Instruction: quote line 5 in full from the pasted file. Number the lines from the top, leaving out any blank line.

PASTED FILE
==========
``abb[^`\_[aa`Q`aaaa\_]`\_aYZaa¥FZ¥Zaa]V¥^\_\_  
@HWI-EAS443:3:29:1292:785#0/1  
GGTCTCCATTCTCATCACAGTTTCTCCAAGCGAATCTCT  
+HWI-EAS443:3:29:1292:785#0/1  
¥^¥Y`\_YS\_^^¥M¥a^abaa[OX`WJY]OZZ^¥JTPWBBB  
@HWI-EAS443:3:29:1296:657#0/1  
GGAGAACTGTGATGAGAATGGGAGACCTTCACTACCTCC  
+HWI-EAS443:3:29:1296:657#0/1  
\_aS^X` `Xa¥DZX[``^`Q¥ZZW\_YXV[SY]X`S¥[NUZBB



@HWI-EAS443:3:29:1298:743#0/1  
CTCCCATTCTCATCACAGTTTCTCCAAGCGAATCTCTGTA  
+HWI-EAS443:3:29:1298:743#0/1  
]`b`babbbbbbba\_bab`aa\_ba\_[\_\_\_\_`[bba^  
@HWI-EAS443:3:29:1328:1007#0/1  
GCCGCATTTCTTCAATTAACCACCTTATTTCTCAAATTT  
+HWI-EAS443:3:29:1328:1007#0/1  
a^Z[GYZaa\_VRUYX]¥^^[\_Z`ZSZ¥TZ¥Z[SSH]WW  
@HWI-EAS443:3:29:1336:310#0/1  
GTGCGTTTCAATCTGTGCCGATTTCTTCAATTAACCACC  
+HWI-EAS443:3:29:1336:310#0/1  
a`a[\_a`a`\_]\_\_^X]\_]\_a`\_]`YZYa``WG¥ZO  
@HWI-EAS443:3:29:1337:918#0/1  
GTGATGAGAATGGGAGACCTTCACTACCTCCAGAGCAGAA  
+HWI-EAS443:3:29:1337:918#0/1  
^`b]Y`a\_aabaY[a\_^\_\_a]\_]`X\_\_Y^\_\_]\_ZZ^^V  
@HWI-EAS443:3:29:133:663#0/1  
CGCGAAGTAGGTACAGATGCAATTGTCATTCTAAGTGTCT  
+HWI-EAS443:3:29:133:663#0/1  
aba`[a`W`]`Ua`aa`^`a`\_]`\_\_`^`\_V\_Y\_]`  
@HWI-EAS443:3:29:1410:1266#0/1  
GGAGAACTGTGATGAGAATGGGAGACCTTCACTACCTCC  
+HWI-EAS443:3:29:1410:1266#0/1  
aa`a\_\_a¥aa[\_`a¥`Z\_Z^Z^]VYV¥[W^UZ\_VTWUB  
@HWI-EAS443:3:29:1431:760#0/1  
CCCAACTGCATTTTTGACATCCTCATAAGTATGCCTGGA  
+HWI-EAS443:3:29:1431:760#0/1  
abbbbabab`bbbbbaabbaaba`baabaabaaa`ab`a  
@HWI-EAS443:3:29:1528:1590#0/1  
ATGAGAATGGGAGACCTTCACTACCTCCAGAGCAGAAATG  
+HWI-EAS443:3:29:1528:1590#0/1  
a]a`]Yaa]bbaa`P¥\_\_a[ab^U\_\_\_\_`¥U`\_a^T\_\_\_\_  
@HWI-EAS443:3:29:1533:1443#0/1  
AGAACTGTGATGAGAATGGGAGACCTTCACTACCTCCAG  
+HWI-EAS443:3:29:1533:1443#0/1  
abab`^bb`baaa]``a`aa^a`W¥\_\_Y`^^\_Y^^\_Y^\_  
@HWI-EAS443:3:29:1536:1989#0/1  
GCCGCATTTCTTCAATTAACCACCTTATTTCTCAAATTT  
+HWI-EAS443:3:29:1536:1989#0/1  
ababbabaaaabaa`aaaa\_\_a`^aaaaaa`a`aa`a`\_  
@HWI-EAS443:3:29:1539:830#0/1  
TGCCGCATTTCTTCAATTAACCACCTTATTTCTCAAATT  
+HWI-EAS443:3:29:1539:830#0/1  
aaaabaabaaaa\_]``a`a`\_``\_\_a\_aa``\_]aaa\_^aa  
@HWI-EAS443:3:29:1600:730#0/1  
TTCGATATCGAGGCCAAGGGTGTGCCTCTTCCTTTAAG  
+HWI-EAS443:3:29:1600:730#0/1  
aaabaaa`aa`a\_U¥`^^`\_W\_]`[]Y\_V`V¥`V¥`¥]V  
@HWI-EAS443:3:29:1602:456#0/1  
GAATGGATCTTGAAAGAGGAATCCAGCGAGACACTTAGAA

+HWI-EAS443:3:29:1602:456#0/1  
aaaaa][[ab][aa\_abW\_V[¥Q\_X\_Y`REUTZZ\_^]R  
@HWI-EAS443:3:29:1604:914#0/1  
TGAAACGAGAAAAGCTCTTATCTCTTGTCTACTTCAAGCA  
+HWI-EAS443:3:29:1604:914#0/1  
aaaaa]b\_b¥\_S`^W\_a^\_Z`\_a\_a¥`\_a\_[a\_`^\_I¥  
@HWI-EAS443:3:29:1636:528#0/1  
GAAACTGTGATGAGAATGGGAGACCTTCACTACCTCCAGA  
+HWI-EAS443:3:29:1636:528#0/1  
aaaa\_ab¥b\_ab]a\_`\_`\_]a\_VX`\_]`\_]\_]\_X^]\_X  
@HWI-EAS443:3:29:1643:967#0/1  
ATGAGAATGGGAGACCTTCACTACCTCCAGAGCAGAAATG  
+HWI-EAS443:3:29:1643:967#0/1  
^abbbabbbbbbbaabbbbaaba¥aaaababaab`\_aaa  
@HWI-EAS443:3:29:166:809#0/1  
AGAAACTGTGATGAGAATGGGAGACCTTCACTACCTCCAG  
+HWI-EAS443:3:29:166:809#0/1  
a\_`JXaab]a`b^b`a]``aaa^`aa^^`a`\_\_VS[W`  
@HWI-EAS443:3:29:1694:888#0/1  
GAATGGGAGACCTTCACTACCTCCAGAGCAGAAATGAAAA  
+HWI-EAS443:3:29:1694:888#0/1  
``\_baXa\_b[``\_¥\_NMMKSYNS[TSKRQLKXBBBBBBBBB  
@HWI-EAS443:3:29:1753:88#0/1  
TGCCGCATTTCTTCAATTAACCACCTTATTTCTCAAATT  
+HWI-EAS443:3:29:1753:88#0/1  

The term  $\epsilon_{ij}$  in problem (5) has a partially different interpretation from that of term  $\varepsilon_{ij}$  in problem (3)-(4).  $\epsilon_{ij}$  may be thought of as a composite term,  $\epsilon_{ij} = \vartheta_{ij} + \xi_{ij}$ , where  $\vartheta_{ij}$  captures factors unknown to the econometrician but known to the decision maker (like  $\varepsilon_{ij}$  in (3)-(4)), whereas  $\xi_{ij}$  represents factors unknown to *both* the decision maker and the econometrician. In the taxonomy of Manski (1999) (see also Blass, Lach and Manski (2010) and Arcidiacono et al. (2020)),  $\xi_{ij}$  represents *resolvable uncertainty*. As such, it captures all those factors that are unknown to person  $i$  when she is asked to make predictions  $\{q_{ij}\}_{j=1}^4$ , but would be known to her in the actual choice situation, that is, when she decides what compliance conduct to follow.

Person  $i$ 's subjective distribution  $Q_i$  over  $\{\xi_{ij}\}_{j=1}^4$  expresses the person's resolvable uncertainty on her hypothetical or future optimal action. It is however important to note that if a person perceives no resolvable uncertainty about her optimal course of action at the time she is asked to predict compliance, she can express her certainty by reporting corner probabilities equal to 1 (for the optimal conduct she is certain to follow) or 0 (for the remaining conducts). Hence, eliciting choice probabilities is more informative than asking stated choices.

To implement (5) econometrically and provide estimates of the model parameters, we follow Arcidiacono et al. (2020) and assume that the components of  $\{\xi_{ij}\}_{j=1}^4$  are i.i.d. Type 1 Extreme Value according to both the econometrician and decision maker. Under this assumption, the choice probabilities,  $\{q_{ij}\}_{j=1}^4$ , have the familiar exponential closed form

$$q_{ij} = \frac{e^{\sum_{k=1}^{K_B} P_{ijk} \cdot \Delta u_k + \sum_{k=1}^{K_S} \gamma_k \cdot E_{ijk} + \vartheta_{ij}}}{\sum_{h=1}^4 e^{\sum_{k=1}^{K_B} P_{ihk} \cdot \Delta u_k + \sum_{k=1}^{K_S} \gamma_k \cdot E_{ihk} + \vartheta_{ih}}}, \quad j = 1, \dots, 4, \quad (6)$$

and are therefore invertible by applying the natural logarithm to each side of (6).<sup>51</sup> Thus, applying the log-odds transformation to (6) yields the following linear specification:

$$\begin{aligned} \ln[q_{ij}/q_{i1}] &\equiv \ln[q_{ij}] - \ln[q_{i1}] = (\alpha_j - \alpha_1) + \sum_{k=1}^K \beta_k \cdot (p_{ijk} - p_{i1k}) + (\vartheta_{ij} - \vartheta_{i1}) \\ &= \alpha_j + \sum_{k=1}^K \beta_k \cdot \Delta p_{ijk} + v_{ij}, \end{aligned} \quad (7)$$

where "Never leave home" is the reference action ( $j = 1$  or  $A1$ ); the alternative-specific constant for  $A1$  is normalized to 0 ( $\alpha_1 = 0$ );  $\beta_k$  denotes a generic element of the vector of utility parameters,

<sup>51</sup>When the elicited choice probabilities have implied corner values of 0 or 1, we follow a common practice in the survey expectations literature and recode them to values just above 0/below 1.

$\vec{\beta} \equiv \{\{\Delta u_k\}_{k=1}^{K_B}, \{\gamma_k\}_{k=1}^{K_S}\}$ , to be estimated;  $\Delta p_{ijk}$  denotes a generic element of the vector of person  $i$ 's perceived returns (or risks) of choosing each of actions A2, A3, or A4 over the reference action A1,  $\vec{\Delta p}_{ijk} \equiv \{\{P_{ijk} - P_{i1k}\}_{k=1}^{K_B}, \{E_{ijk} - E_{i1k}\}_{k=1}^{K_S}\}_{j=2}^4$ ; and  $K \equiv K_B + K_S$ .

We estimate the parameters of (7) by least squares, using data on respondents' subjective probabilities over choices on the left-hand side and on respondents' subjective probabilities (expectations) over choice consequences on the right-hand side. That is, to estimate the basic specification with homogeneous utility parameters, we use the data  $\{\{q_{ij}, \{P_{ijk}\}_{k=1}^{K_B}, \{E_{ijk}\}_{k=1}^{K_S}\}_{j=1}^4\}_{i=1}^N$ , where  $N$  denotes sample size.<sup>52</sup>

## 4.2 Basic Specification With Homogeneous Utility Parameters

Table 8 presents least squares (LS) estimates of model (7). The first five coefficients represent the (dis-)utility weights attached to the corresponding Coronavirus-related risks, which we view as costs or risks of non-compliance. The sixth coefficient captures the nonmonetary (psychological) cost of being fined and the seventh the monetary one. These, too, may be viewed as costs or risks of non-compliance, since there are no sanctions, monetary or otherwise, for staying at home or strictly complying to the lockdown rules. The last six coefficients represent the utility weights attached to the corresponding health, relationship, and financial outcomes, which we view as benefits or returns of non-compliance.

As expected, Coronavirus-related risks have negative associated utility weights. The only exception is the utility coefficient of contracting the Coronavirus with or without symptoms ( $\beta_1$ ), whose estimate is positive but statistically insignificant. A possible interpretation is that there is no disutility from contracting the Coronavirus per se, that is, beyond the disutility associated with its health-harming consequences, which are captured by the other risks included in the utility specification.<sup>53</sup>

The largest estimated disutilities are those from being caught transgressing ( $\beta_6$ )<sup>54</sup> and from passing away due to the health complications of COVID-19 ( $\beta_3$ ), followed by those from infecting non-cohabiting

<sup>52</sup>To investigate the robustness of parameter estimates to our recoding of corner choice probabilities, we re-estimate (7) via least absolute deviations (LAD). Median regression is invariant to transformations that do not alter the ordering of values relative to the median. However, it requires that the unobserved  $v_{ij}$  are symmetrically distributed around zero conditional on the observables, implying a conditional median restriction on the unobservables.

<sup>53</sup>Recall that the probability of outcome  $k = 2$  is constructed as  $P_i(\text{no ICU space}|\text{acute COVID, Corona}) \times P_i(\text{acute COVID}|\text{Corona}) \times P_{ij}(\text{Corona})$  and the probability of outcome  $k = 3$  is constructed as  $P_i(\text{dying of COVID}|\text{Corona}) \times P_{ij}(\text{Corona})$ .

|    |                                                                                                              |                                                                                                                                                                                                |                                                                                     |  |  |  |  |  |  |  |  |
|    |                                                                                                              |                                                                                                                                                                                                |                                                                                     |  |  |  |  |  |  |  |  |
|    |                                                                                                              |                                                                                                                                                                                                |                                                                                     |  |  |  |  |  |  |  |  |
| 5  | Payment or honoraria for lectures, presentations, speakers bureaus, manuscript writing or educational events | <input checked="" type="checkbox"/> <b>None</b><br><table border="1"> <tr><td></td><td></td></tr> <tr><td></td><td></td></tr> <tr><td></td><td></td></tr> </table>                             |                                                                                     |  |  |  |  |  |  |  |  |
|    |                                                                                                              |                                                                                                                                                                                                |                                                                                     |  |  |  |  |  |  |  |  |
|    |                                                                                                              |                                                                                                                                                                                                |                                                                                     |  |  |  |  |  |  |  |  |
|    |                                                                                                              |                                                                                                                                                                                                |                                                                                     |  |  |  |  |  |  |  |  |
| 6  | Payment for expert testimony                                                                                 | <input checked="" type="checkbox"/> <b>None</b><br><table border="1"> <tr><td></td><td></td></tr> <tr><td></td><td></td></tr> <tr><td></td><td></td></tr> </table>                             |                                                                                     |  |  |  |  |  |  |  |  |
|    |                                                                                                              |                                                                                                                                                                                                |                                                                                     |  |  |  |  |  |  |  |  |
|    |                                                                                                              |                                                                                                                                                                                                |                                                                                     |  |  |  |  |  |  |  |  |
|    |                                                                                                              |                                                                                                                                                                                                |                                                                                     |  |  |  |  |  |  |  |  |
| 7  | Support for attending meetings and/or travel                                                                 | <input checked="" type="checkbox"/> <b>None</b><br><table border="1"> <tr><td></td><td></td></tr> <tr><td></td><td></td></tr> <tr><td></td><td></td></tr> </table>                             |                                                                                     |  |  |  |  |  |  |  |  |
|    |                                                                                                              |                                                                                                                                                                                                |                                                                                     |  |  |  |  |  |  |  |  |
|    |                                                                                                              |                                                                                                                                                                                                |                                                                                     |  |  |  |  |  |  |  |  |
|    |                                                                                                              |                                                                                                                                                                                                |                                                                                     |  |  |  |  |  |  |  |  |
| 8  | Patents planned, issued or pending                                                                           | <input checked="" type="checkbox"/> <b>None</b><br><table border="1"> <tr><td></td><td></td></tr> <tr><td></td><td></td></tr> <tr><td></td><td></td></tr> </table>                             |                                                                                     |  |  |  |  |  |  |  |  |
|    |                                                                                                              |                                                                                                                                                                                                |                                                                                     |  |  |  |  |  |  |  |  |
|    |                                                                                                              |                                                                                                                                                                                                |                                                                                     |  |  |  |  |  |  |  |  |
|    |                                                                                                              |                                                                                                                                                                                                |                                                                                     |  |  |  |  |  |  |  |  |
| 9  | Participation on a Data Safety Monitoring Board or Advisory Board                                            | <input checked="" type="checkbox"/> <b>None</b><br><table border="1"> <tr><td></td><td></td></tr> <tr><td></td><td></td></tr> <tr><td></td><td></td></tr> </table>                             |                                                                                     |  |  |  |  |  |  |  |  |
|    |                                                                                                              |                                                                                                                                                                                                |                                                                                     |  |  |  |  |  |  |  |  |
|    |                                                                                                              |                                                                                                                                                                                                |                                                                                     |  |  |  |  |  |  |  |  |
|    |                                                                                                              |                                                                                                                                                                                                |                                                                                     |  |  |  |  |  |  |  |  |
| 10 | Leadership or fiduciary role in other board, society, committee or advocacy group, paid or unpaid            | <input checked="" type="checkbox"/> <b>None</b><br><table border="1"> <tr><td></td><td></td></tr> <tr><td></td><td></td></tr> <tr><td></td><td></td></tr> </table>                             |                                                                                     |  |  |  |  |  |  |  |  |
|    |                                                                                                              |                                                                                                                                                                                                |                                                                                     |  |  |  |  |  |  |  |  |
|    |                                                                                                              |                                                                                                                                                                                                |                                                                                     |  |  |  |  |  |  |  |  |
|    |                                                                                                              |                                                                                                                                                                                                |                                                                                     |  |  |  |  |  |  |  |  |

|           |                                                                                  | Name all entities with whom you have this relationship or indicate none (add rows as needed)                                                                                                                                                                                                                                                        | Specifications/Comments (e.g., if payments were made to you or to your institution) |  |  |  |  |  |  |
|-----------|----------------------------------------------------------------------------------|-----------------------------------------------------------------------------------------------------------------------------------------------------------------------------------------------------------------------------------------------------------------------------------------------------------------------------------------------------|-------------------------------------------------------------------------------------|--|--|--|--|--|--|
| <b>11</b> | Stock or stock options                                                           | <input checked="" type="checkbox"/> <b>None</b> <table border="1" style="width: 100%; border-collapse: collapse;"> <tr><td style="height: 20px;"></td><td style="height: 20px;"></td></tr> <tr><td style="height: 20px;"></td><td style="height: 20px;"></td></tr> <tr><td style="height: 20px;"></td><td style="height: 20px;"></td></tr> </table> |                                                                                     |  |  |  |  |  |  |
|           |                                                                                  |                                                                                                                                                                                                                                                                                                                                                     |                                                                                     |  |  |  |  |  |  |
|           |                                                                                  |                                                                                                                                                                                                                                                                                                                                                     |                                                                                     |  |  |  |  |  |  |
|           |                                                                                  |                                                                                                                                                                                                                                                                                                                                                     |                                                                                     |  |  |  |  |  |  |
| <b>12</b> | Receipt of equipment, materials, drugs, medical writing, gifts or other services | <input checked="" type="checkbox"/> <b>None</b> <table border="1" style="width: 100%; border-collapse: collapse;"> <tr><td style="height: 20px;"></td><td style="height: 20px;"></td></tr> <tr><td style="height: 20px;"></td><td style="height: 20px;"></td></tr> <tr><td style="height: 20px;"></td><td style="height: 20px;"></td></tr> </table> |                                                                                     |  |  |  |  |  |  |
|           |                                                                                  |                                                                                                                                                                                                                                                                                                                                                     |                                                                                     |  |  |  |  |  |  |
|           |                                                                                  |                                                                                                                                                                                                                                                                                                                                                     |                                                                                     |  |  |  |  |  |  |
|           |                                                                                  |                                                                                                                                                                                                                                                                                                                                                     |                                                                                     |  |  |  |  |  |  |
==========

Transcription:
¥^¥Y`\_YS\_^^¥M¥a^abaa[OX`WJY]OZZ^¥JTPWBBB  